- Last Updated on 07:47 AM 07/28/10
- BY Doug Ford
Jonci Berneche has vague memories of the horrific automobile accident that almost took her life in 1999, while Scott Adams can only rely on what others have told him concerning his near-fatal crash in 2007.
Both will tell you that it took huge doses of grit, determination and faith to get to where they are now.
Berneche is a school counselor and has her professional counseling license, while Adams has spent the past two seasons as a volunteer coach for the Halifax County Middle School baseball team.
The former standout baseball pitcher for the Comets also tutors first-graders at South Boston Elementary School and volunteers his time at the YMCA, while studying to become a teacher.
Both admit they are lucky to be alive, and both admit they were spared for a reason.
“I don’t really recall anything,” said Berneche of her accident, which occurred March 9, 1999 on Terry’s Bridge Road.
“I was going to visit a friend who recently had a baby and just remember I didn’t have to go to work that day,” added Berneche, then a teacher at C.H. Friend Elementary School.
“There’s a basic feeling I had of a car going back and forth out of my control. I don’t know if I made that up to accommodate for loss of memory, but as far as I know what happened, and any pain associated with the accident I don’t recall.”
“I do know I was thrown out of the vehicle 25 feet in the air and that I skidded on the ground 25 feet,” explained Berneche.
“I know I had many broken bones, had broken my pelvis in five places, and I lost 32 units of blood. I broke my neck (C-7 vertebrae), and I basically broke everything on my body that would break.
“My ear was nearly severed, and I broke a wrist and several ribs.”
Berneche was placed in a medication-induced coma for two weeks due to the intense pain she would otherwise have felt.
“It’s odd because I remember people speaking to me while I was in a coma, and I always encourage people to speak to their loved ones in similar situations.
“I remember hearing two of the nurses talking and remember hearing people speak very encouragingly, and that’s who I clung to, my aunt talking about how much I liked taking walks in the woods.
“That would excite and help me.”
Berneche remembers the recovery process as being very long and arduous.
“I had to wear a halo on my neck for over three months, and that was the most difficult part because I couldn’t turn my head at all,” recalled Berneche.
“I would scratch a date out (on a calendar) and that let me know how many days I had left.
“’This too shall pass’ was my motto, my mantra, and I had to hold onto that because it wasn’t going to last forever, and I eventually would get through it. There were many, many sleepless nights, and there was one spot on the back of my head that actually touched the pillow, and the hair actually rubbed off my head at that one spot.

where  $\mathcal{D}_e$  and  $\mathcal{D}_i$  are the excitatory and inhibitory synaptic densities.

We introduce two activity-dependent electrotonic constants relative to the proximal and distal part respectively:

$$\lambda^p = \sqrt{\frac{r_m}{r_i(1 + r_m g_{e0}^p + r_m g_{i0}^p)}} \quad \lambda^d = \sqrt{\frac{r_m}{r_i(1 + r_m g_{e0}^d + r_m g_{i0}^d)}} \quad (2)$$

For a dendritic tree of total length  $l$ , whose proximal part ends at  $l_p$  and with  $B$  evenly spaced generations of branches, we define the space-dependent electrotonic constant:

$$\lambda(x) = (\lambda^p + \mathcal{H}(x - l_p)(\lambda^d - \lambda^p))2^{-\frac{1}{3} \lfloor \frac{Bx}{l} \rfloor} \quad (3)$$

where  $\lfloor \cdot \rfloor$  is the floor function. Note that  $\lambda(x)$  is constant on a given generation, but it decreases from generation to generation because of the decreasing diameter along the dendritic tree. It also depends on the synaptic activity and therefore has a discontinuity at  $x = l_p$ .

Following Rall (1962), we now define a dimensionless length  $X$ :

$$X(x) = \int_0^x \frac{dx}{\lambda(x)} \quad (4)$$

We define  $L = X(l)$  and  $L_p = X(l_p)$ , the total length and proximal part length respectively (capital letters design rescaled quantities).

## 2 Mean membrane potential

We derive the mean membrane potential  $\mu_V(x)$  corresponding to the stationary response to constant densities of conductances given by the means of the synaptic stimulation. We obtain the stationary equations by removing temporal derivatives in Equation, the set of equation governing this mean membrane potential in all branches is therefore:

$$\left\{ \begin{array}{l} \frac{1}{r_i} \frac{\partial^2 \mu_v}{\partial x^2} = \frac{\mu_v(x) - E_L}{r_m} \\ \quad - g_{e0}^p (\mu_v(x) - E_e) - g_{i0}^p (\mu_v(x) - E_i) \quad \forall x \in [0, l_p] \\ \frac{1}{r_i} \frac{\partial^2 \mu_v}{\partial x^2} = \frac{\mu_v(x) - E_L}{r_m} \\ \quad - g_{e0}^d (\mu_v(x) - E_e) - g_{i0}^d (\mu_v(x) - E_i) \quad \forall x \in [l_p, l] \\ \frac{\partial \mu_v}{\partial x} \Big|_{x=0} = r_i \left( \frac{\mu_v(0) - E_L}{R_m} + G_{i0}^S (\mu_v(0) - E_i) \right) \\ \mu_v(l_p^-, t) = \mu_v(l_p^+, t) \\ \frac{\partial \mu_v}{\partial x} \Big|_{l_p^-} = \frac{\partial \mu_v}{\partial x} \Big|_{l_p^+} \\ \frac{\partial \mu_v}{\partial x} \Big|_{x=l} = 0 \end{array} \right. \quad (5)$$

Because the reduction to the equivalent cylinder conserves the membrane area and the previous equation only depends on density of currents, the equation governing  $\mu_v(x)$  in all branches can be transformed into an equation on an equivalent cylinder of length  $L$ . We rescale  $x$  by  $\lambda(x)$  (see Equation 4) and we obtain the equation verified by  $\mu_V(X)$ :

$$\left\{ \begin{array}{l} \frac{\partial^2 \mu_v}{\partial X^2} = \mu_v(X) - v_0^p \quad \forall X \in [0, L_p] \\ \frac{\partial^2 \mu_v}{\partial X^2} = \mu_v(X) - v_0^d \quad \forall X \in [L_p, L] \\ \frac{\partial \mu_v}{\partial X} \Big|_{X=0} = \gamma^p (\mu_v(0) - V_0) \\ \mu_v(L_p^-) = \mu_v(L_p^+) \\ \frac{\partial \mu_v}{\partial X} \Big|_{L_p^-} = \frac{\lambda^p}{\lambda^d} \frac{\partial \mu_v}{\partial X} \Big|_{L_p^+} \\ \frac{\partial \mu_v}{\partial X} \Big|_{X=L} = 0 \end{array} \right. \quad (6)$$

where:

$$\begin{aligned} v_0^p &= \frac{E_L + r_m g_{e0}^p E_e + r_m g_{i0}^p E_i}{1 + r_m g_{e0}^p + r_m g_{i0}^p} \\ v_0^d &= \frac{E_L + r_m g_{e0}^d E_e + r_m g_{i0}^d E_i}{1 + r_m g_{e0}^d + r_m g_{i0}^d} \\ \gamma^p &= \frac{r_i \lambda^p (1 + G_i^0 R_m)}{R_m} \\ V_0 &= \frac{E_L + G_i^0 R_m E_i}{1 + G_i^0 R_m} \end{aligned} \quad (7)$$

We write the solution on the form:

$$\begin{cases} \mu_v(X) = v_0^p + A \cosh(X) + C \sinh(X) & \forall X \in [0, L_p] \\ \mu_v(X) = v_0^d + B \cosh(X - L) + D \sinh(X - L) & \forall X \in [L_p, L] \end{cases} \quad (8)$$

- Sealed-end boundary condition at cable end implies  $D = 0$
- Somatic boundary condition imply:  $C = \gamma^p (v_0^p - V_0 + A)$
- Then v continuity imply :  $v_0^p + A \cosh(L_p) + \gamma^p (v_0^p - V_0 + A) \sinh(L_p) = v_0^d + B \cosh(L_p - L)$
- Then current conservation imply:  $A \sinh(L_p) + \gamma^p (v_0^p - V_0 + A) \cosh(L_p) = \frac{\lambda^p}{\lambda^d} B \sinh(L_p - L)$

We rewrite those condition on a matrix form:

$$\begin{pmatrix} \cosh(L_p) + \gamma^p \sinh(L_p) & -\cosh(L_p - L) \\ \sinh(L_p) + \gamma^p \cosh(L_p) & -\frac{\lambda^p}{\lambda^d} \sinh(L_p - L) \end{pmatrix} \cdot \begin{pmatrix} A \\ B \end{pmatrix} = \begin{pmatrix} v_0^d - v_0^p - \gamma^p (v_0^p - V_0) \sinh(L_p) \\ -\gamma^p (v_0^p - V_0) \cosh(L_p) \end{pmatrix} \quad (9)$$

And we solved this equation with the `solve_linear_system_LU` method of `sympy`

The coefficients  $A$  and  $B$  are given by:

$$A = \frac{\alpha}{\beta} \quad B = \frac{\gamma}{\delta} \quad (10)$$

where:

“I was in Duke for three months.”
The accident itself and its aftermath have profoundly altered the way Berneche looks at herself and the world around her.
“You feel you have a divine purpose perhaps, and you take it very seriously. Obviously, I survived for some purpose,” she noted.
“It makes you appreciate every day, and especially once I came out and took the halo off and was able to turn my neck, that was the most appreciative I’ve ever been.
“It teaches you to appreciate what you have, and it teaches that you can do anything if you need to survive.
“Since then whenever I’ve had to deal with difficult situations, and I’ve told myself you’ve made it through the accident and can make it through anything else that comes along.
“It makes you realize how strong you truly are,” added Berneche, who currently counsels part time and plans eventually to be a trauma counselor.
“I eventually want to got back to where I was, full-circle, and work with people who’ve been in traumatic situations and offer them encouragement and hope,” Berneche said.
“I think at the moment, it’s my purpose in life, and maybe that’s why I experienced this so I could help others who are going through difficult times.”
One physician’s assistant told Berneche she would never be normal again, she said.
“Others told me I had brain damage and that I would never be able to work the job I was in, that I would be living an altered existence and that my life would never be normal again.
“She gave me very little hope to walk normally and do the things I normally do, and I was also told I may not be able to have children.
“That was the lowest point for me. I think my determination pushed me through that, and I thought to myself ‘you don’t know me, and you don’t know who I am.’”
Berneche said she had to relearn to walk to some degree and learn again to do some other things but added her memory and academic ability wasn’t really altered.
“I came back and actually started back the next school year in August, I started on my masters and completed that, and I then did some post-masters work to get my degree in counseling.